Jn 193.5, 1 published a11 artiele on the geoglaphical tlist~ihution of the whalc shark in which all known speci nlcns were located. Because of i ts occurrence in the au l f of Mexico, off Havana, Cuba, in the Florida Keys, ant1 off the East Coast of Florida, I had long felt sure that Rl~incodon must he found in the C:~rihbean Sea. I n 1926 :tnd in 1934, second and third-hand reports came in tha t :I grr:it 8ha1k (thought to be Rhineodon) had been acc~i off' l ' iinidad in the Gulf of Paria, and tha t another had k1ec.n rcpts:~tcdly oljservcd off S:in ,JU:III Harbor, I'lierto Rico. Every effort was made to get definite data for c:~cl~shsik, hut in the end those fish had to bc put i1ow11 :is unverified possibilities of whale sharks.
598 SCIENCE June 10, 1949, Vol. 109
Srcond Record. Further definite evidence that Ethi~iro- do11 ocrurs in the Csribbealr c:;nre in 1937. The cl~rious behavior of a great shark in the harbor of St. Marc, Haiti, :;round the steamer Colomhza of the Colombian Rtearnship ('onrp:~ny, was noted i ~ r :L 1iewsp:rper clipping sent me. A letter to the office of the cornpalip brought :an ;rnswer from Pres. C. EI. C. Pe:lrmall, who a t the time was on tlir stearner in the harbor of St. Marc. His description of this great fish pos i t i~elp identifieci it :IS Hhineudo~~,and this was \el ified by his inspection of ;I photogr:;ph in 111) offic.e. Mr. Pearsall c*srefullj described the unusual bchirrior
of this greatest of the slra~ks. It "hung around" the s t e a n ~ e ~ under strongwhile she wa8 loadi~rg bananas a .-le.c2tric. light. A riomher of shots were fired at the un ~;clconrt~visitor, but they g1:rncd hn r n~ l e s s l ~froall his body :irnroi of denticle c*overed 4-inch skin. 0ne.e Rhinr- odon canu, up urrder the eon~panionway, raised its 11c~ad arrd dislodged the pkttforn~ :it the bottom of tlrt. ladder. The shark was about 25 feet long and when it bnrnpect into the side of the sliip, the impact W:LS notierat~le. An ;tceount of this fish and i t s helra\ior appealed in 1939.
'I'hzrd Hecord. And now cornes alrother authentic :tc cwunt of a nlrale shark in the C1aribbe:~rr. Mr. Arlo Kalsheim, second officer of the tanker Mnralhon of Oslo, Norway, 11:~s kindly ~ e n t nle a letter, via the 17. S. I l ~ d r o graphic. Offic.e, Washington, D. C., giving the foIlowi~1g data. 'I'lre Marathon, on 8 1);tssage fronr Iiisboll, I 'OI~II gnl, to I'uerto I,:( Crue, TTencxanela, h:td arrircid on January 14, 1949, and aric.hored in that harbor in thc ufternwn. 'I'he officers were on the bridge :I M :riting orders froni shore, when tho c.:tpt:ti~i called attention to ;t huge flhark swimming near the vessc.1. Mr. R;rlsheinr writes that i t was a t ~ n t 30 feet long and was s~\irnlning tow:ird the qh~p. HP hitd seen my :trticle :111~1 tigrirc published in the Iiydrogrspl~ir Hulletin in 1934 and a t once ~ecog~rized the visitor as a whale s h i ~ ~ k . He w ~ o t c that it was covered with vpots over i ts whole I)ody, a s the published figure showed, ant1 tie estirriated the width of the hnge lrrouth a t 4 feet. The great s h ~ r k swan1 ahout the ship until dark, feeding on swarms of small fish tmd on other organisms ;rt the surf:icae. Yone of thc ship's conlpany had ever seen ;I shark of this size, shape, and color. l t &aye4 on the shady side of C-he ship and henee it was irnpoflsible to take a photograph.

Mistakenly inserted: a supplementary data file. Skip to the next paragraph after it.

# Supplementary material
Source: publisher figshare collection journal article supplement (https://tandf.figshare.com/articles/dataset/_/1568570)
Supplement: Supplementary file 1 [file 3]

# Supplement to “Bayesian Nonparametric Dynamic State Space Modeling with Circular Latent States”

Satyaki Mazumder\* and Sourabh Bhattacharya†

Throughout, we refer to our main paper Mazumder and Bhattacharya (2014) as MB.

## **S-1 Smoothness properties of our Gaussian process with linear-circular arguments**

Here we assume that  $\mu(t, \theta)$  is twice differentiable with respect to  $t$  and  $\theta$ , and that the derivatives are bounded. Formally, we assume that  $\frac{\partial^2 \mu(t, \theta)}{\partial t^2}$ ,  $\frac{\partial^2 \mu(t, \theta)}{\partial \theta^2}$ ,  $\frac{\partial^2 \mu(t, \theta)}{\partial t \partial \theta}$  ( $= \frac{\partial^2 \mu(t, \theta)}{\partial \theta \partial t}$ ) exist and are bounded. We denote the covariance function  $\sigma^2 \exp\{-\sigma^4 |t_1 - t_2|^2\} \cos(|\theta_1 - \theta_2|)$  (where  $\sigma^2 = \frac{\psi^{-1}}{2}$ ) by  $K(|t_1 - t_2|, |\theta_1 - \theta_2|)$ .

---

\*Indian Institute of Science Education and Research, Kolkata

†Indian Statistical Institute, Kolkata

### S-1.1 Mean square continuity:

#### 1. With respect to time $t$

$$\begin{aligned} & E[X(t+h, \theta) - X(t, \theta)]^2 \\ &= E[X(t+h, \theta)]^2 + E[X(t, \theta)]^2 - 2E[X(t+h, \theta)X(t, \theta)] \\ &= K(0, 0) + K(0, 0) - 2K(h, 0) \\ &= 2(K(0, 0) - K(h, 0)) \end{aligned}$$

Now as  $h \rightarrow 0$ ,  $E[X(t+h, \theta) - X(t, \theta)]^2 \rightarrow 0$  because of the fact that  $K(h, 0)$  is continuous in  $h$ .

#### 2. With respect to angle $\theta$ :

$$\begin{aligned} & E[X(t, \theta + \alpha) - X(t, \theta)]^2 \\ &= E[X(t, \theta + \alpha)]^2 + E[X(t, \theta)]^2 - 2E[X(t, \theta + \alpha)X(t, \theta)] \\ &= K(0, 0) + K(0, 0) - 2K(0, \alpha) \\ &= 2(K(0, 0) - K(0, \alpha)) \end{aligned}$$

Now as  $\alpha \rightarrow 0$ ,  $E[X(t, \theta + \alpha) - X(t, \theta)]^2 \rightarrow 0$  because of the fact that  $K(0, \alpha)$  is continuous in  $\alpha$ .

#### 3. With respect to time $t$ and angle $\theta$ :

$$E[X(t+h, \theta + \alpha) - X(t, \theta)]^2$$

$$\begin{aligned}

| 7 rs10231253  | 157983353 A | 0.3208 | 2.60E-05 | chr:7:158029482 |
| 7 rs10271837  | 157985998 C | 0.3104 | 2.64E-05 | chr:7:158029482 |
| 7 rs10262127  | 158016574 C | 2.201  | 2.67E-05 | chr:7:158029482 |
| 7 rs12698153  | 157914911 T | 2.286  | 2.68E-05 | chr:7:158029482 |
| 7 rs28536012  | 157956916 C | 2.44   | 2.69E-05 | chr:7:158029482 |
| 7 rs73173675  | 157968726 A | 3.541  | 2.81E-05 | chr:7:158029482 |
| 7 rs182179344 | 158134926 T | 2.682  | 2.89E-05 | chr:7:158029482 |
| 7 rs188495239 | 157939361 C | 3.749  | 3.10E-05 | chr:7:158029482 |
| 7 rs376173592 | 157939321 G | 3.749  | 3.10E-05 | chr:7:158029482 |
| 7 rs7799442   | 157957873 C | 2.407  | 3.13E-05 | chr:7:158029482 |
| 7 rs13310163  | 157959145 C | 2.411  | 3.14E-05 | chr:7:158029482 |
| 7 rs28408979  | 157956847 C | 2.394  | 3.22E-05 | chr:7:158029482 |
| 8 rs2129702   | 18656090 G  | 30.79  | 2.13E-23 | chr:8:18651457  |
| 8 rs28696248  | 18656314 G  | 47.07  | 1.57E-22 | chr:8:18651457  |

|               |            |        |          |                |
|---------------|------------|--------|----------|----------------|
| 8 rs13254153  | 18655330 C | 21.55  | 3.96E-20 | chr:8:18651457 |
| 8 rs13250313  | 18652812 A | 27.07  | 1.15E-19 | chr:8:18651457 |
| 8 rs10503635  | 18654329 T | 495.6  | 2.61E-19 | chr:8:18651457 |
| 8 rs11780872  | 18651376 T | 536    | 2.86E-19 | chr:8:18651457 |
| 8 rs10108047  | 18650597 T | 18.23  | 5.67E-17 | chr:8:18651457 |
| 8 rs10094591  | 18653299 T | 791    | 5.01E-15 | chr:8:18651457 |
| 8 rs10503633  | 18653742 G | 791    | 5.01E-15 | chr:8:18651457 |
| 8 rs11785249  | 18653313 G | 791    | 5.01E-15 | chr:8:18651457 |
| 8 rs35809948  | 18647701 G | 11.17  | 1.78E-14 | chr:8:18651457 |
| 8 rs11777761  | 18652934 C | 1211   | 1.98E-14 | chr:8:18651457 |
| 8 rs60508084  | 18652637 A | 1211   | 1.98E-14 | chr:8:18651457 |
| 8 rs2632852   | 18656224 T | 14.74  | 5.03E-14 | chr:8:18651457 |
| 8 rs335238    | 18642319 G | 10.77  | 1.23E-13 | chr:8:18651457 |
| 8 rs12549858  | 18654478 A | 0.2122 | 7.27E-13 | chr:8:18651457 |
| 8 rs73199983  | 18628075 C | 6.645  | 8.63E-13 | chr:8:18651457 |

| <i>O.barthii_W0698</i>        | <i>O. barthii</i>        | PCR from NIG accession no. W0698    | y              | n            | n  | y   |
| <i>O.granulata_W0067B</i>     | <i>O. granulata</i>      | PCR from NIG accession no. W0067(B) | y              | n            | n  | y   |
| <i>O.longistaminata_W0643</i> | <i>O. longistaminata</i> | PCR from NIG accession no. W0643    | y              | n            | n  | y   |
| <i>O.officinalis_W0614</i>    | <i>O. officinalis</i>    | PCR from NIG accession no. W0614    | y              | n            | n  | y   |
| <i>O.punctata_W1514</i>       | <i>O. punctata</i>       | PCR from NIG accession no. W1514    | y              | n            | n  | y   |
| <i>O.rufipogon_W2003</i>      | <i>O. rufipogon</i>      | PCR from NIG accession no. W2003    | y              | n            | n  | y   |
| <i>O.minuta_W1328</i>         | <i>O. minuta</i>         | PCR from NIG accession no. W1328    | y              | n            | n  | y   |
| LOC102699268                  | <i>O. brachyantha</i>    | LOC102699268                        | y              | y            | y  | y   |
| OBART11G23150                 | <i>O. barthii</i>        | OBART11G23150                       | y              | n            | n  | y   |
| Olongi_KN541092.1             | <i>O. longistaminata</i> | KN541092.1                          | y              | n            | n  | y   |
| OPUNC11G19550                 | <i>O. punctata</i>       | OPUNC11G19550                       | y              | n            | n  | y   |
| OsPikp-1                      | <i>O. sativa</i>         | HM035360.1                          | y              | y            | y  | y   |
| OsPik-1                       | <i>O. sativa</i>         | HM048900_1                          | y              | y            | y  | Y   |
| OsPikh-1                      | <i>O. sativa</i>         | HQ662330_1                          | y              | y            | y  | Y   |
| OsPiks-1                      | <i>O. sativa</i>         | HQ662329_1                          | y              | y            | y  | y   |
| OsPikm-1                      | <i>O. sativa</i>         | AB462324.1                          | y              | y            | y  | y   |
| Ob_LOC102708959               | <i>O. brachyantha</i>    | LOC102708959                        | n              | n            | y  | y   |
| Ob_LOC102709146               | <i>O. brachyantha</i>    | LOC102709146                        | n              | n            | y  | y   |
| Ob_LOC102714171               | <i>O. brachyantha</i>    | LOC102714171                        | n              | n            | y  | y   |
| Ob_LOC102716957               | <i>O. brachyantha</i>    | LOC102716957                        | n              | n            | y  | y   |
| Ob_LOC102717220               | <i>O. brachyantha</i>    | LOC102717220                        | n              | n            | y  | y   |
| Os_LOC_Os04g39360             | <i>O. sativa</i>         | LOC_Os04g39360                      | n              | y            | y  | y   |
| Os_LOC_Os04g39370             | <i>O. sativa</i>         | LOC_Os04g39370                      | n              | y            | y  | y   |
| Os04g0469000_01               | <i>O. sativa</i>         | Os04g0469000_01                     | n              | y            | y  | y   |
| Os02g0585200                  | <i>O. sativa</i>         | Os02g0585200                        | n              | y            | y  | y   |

'l'his behavior nf the third Caribkwari whale s11:trk par allels that of the seczond specimen notcad in thest, w;iters and of the two others which were reported by hearsap tha t could not Ix, vc~ified. l'lris third Rlrineodo~r had no fear of the ship or tlre crew, who, to a nran, were 1l:inging over the rail keelily intwested. This behavior is typicdal of the whale shark. Stxcure in its armor of 4-inch thick hide of tough fibers, the :~dult can he harmed by nothing tha t swims the was. I t has rlo eat~mies but m:rir, arid his harpoons and bullets will not penetrate, its skin save when tilis is relaxed and shots a le on the pc~rpendieular-at :Ln angle they glance off harlnlessly. Man's surest w:rp of killing this nluggish monster is by ramnlirig it with a steamship-and n ronsiderat~le numher of such cases have been reported 117 the prewnt writer (1940).
'rl~one intrrc.sted in the, h;~bits and heha, lor of Rhlneo- don typ?~.s will find all a\~ailal)le material presented in Iny article, "The Whale Sh;trk TTnafr:rid," ~~u t ) l i sh t~d 1941.
I?. W. GU I ) ( ~ BK An~cr~conMuxeurrt of Aaturctl I-l~dtorg 9 r t u 170rk City
Some Current Misconceptions of N. L. Sadi Carnot's Memoir and Cycle
Kecerlt authoritative text.8 state erroneously that 1';lrlrot (1824) : ( a ) e~pployed the discredited subst,antive o r yo-c:;tjIed c:rloric: theory of heat,, (11) (lisc,overed the scconti 1:tw without apprc!ciating the iilat. law, and (c) jnco~.-reetly pictured the dtnnctyt of .,heat (chute de calor;iqar,) tlrmugh an -to .the,-,flow of cnghre .as i ~ . i r ~ l t ) g o ~ ~ ~ xv:~ttlr through a mill.
l'hcscx rriisconaeptions 11:1\*c! arisen frorn improper inl:>